After getting everything down on paper during the cold months, Edwards and his team go out as soon as the weather permits to clear the ground and start laying down marks for walls. He revealed that the building process takes so long that they’ll often be putting the final touches on opening day.

“Come July, I start putting the word out that we’re looking for actors,” he said. “I’ll spend about three or four weeks doing group auditions and then doing one-off auditions. In early September, I do two days of training where we do a bunch of really weird, crazy and bizarre exercises to get people out of their shells. In order to be a successful haunt actor, you just have to be willing to look stupid.”

A good portion of the actors are in high school and are around 16 or above, but Terror in the Corn also hosts plenty of actors who are up to 50 and 60 years old. The exercises Edwards guides them through ultimately help flesh out body language, posture, movement and voice for when the actors build their characters.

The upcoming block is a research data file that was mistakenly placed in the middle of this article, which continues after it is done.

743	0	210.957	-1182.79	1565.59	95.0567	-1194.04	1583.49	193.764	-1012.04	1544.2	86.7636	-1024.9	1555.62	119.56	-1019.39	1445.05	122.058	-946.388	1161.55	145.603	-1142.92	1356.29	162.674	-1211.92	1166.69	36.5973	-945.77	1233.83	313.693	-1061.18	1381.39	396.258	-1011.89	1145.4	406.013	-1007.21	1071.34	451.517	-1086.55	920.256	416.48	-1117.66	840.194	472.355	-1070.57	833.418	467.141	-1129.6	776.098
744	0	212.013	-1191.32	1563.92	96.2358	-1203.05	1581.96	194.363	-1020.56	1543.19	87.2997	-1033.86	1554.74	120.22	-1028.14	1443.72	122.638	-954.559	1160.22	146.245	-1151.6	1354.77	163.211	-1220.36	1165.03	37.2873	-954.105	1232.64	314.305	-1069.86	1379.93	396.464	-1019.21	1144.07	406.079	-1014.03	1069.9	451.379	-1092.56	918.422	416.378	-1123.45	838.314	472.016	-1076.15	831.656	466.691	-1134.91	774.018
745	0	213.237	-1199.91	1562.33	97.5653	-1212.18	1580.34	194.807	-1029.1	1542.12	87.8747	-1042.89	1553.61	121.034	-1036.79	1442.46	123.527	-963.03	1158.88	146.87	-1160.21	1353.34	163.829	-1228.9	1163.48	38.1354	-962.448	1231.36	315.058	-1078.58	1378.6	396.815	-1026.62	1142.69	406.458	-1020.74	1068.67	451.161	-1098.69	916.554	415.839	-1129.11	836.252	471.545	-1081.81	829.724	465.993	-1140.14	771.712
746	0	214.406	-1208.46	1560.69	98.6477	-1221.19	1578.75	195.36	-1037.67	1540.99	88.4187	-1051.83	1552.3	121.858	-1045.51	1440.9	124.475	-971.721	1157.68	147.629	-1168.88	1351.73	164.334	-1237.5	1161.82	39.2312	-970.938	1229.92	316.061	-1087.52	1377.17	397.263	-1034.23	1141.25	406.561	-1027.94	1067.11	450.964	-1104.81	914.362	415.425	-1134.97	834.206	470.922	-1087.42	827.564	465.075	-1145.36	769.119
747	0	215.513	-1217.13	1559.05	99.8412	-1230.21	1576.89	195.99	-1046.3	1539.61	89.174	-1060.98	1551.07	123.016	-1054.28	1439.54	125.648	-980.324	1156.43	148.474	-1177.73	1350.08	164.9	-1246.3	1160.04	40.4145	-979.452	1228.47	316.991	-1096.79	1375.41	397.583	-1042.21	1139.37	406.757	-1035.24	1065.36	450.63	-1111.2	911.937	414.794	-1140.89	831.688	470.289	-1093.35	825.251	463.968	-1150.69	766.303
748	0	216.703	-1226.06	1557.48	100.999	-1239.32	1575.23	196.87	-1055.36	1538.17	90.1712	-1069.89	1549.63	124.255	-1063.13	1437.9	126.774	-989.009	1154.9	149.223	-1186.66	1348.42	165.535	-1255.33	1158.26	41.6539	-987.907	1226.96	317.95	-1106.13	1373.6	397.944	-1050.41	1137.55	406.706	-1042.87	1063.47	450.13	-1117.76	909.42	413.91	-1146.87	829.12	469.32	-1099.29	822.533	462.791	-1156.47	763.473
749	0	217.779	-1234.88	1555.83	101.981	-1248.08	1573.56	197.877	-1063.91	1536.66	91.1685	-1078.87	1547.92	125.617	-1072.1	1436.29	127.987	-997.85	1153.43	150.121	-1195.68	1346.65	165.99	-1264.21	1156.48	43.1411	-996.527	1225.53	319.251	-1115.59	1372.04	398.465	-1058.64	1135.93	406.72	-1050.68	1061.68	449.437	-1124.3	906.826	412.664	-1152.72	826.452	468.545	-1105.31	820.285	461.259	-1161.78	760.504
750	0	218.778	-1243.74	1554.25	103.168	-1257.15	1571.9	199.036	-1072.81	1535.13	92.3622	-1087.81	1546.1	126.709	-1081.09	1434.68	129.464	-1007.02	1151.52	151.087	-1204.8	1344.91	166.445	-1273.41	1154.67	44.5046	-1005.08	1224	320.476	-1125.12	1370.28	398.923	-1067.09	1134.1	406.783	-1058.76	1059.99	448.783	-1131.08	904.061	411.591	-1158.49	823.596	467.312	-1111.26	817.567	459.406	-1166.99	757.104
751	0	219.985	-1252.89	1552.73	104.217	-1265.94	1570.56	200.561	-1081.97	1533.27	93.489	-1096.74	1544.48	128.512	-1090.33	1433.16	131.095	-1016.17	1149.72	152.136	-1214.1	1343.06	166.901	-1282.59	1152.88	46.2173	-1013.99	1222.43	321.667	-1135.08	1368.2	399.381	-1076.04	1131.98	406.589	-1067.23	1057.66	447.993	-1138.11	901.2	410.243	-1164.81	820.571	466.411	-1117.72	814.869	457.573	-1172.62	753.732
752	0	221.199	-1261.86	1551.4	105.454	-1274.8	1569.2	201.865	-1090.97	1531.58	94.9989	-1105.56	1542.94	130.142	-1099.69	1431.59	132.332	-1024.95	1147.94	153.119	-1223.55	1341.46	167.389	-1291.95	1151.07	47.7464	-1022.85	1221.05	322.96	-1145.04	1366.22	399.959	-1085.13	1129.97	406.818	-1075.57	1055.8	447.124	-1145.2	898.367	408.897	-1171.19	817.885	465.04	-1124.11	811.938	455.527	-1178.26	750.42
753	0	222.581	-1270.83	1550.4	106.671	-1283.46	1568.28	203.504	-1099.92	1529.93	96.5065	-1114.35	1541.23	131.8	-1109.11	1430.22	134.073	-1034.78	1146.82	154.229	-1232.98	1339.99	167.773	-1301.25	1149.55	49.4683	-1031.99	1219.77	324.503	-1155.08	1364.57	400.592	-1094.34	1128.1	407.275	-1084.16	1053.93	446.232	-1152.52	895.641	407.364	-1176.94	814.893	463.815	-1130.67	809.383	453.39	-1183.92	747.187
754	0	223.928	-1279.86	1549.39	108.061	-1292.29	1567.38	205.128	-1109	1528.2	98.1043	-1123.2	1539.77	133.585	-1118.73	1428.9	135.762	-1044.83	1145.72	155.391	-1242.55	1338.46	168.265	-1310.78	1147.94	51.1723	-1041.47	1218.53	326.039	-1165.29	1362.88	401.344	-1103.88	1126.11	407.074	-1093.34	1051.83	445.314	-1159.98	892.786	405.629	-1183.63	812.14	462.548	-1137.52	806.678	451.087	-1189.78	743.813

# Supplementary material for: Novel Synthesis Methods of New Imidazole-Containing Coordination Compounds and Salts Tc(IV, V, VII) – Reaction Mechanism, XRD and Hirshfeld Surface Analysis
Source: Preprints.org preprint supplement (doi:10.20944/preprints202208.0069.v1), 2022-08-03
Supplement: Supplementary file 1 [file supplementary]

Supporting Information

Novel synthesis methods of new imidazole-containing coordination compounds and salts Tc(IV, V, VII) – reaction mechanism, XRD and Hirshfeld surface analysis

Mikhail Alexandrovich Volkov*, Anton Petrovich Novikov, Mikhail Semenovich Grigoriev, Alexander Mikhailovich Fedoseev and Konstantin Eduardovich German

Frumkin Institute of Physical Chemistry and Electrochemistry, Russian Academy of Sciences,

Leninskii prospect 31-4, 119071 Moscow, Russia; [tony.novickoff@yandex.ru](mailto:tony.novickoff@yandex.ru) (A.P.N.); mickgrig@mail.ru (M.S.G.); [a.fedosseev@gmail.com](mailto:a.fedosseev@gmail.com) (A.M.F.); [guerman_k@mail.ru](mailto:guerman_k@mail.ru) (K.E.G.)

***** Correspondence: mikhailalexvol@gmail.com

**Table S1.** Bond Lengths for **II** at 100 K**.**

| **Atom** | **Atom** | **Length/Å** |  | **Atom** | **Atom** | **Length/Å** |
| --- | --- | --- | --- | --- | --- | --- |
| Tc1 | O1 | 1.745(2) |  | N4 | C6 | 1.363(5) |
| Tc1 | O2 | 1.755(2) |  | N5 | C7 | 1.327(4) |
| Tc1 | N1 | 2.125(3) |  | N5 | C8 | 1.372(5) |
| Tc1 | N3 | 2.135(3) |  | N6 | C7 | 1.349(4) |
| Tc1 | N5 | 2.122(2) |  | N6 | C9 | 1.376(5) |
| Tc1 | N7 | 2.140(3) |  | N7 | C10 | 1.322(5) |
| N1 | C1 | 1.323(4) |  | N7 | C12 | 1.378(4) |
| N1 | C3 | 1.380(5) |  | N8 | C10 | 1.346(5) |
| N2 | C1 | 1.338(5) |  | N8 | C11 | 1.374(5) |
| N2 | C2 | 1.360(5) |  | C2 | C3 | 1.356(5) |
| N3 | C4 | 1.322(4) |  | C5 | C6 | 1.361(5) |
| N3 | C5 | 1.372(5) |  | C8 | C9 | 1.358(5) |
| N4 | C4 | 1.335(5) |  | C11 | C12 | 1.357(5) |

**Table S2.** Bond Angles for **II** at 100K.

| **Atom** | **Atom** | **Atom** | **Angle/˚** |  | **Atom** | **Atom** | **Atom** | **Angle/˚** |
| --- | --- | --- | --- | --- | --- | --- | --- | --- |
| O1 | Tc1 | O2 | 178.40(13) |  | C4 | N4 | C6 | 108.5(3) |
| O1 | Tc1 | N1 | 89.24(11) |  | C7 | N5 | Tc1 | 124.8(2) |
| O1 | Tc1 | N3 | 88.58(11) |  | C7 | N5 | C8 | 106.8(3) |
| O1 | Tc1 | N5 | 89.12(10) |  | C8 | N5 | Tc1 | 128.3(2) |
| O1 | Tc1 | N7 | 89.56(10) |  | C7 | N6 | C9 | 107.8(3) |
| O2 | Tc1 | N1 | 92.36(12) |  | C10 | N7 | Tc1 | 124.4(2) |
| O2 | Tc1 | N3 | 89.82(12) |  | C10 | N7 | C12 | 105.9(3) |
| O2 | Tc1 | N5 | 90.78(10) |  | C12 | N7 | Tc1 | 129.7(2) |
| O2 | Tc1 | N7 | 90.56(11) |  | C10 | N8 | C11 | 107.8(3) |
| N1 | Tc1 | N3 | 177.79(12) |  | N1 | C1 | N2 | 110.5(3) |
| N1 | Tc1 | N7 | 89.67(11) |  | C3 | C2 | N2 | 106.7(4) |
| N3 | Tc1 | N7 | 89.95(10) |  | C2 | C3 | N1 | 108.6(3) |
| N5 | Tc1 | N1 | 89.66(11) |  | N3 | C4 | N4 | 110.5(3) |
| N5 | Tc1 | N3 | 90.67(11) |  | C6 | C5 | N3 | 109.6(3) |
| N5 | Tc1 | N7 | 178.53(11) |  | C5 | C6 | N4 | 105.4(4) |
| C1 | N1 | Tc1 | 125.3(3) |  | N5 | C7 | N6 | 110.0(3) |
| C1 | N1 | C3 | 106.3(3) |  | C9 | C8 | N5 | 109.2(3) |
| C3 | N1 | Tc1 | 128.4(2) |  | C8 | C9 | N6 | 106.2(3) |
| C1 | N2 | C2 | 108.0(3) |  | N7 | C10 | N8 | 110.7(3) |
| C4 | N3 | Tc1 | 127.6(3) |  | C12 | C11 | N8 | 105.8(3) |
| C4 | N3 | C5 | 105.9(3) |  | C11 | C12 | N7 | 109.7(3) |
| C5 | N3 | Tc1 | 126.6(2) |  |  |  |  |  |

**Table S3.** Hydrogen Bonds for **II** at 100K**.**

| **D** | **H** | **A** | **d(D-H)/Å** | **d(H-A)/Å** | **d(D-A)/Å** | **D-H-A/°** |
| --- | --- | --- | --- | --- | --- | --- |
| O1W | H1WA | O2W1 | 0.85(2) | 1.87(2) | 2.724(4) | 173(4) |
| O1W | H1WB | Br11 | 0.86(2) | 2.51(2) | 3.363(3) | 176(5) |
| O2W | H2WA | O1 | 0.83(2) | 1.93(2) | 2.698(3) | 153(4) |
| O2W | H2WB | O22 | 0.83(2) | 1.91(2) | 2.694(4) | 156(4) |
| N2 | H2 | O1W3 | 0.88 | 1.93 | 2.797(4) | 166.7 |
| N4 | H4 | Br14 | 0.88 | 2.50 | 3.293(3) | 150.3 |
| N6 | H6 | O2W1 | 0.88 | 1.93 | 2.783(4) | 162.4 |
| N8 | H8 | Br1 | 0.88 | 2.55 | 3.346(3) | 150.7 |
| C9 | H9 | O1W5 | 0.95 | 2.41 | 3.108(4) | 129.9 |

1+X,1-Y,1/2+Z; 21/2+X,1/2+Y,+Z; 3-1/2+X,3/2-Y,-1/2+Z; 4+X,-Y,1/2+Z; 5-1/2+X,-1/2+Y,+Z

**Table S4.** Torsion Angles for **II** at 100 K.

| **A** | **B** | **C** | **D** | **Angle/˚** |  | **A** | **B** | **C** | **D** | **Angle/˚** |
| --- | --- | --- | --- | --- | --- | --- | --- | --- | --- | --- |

Edwards’ approach to training lies in storytelling. “We create the characters, but I ask the actors to write a backstory for their character. That puts them in the character. I’ll have them start writing stories about why they’re here, what happened to them and why they became what they are. I’ve been doing that for years at different haunts. It helps invest them in those characters,” he explained.

In fact, Edwards has built his own character that he’s been playing for over a decade that you might catch a glimpse of. “I’ve got a character I’ll play here two nights out of the season when it’s the least busy,” he said. “He’s called the Ringmaster, and he’s a character I created 11 or 12 years ago when I worked at The Haunt House. That character’s actually gotten a lot of national attention, so I’ve also done that character at Dark Hour and here.”